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Is there such thing as a "non-blocking lock" in Java? By that, I mean is there a way to retain the properties of synchronization (atomic protection and memory visibility - the latter can come later, BUT the first is the most important thing I'm looking for right now) but also have multiple threads not have to wait for the monitor of the object?

What I'm looking for - just to be clear - is not CAS operations, but an implementation of, say, the synchronized keyword, or ReentrantLock that works like a Semaphore BUT with actual synchronization semantics that doesn't block threads to perform a certain action like invocations getters and setters.

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synchronized is meant to protect a critical section. If there is no critical section, don't use synchronized. –  Sotirios Delimanolis Apr 29 at 2:28
Your question embodies a contradiction in terms. If you want 'the properties of synchronization', blocking is one of them. Possibly you are looking for volatile? –  EJP Apr 29 at 2:38
@EJP re-read the question. I had the "but" bolded and capitalized for a reason :) –  xTrollxDudex Apr 29 at 2:53
It's still a contradiction in terms. How is it going to 'protect code blocks' without blocking? –  EJP Apr 29 at 2:57
@EJP Simple: I don't know. Read the question again. You're asking almost the same thing I'm asking. –  xTrollxDudex Apr 29 at 3:09

3 Answers 3

You can look at lock-striping techniques (used in concurrenthashmap )to see if it meets your needs. Their basic idea is that you break your structure into segments and if a thread is modifying one segment , you can still read from the other segments.

You can also try the CopyOnWriteArrayList where if you are modfying an array, you create a copy and use it for any read operations while the array is being modified. The problem here is you are not guaranteed to get the latest update to the data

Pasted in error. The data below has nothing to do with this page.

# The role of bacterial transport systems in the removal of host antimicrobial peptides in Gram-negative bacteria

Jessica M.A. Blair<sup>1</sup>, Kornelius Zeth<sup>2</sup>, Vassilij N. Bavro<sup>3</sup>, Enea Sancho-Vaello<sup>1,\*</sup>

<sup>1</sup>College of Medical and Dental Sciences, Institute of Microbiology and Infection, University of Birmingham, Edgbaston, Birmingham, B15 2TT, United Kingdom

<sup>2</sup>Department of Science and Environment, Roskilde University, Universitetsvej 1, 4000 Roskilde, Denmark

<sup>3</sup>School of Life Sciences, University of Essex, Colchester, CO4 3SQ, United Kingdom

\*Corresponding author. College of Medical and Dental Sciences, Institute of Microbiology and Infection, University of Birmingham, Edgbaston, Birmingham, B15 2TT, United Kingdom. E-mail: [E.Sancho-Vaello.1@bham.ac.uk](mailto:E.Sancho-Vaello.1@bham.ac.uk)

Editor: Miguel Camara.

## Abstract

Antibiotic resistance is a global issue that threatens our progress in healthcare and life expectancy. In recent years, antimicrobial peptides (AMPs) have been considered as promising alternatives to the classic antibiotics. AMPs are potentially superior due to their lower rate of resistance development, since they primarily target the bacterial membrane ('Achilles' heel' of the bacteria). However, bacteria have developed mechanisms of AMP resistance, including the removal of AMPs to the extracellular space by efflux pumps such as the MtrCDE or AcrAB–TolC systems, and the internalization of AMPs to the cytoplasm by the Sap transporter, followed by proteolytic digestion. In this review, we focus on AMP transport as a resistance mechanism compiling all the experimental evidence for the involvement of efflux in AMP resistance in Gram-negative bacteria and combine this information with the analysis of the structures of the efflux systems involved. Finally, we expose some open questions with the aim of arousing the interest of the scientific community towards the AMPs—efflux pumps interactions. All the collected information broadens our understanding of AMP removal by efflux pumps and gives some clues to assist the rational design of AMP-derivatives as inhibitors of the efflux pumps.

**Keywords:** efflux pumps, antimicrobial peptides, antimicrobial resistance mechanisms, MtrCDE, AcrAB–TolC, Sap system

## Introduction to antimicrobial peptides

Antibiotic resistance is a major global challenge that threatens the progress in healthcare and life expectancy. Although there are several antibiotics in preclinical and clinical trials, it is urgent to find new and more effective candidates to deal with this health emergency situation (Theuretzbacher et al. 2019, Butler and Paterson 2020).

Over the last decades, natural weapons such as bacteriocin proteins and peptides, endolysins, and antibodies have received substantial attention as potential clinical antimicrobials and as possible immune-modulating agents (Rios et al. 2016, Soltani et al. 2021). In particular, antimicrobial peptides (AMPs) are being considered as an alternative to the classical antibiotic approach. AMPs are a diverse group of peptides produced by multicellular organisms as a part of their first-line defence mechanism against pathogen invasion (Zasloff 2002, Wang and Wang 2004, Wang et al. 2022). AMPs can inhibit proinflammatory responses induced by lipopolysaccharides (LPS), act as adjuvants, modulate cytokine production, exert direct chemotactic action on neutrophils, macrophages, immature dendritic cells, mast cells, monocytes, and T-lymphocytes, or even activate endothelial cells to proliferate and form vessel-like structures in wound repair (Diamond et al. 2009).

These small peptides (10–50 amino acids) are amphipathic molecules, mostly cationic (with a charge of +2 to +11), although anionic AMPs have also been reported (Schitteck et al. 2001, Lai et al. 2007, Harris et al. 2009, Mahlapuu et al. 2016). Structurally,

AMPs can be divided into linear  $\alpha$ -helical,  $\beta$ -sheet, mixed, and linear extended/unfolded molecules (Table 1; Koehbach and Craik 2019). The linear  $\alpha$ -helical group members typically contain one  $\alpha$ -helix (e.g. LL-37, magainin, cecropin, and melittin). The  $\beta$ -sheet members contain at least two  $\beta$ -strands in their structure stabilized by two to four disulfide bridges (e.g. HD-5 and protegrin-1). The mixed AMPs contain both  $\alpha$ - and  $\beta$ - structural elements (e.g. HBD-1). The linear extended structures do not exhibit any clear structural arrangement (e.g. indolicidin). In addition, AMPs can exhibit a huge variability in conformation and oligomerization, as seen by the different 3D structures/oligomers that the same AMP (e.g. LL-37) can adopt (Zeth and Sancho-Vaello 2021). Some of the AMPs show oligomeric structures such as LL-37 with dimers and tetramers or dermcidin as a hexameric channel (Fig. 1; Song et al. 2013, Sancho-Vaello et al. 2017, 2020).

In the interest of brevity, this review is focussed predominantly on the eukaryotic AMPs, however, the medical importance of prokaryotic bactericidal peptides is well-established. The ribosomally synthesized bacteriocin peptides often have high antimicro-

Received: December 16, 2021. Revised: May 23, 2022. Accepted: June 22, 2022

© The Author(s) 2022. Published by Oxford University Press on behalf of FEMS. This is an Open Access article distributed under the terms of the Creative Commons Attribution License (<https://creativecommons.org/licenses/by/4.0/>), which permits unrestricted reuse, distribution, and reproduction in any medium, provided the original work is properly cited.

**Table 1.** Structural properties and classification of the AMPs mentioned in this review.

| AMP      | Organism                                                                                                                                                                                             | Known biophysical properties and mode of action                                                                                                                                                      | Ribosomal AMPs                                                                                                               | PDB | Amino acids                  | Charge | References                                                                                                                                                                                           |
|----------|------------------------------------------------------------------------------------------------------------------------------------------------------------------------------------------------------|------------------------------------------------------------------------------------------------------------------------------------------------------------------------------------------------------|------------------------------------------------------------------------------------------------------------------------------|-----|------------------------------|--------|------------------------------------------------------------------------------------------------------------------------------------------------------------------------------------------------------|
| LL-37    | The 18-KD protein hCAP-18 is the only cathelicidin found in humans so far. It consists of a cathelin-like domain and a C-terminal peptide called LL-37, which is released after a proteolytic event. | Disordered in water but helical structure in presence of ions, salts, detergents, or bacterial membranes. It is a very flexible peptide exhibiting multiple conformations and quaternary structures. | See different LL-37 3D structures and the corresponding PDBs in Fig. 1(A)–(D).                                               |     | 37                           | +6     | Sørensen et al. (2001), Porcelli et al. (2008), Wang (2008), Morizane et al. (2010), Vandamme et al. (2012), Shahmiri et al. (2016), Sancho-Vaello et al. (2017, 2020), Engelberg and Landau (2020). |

Both the above approaches are for building concurrent systems instead of synchronized systems.

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Maybe I didn't clarify myself - I'm looking for an implementation of non-blocking locking that protect code blocks ie get/set invocations - not to avoid using the synchronized keyword. –  xTrollxDudex Apr 29 at 2:55
@xTrollxDudex Concurrent systems are scalable versions of synchronized keywords. Both my approaches are still for protecting code blocks. However if you are looking for a single construct that will let you protect code while you can also call getter/setter on the same data, there is no construct –  Biswajit_86 Apr 29 at 2:59
Now, we have a real answer: Not possible. Correct me if I am wrong. –  xTrollxDudex Apr 29 at 3:09

I can't think of anything built in.

But you could use tryLock to determine if you can acquire a Lock and perform a synchronized action or, if you cannot acquire the Lock, perform a non-synchronized action.

Lock l = ...

if(l.tryLock()) {
    try {
        // do your synchronized action
    } finally {
} else {
    // welp, we couldn't get the lock.
    // do some local work.
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@EJP Where do file locks work into this? –  Jeffrey Apr 29 at 2:39
Oops wrong lock ;-) Just had a major debate about that in another thread so I'm a little trigger-happy. –  EJP Apr 29 at 2:41
What happens when we cannot acquire the lock? Our code is not protected and we need to resort to some other action. I mentioned "semantics of synchronized," in saying that I will be guaranteed safety in execution, unless the code deadlocks, bad design creates inaccurate results, ect... –  xTrollxDudex Apr 29 at 3:01
@xTrollxDudex Ah, I misunderstood the question. As your question now stands, I do not believe it is possible without CAS. –  Jeffrey Apr 29 at 14:55
Thank you for your input. 2 answers now that say not possible. –  xTrollxDudex Apr 29 at 23:35
up vote 0 down vote accepted

As with the responses in all of the answers and OP, I conclude that this isn't possible with current synchronization techniques. I will conclude by saying that we cannot perform atomic compound operations using a get/set style method call without using blocking synchronizers.

If contention is the problem, I suggest reading this article. A quick google search should turn up some other links if you are digging deeper.

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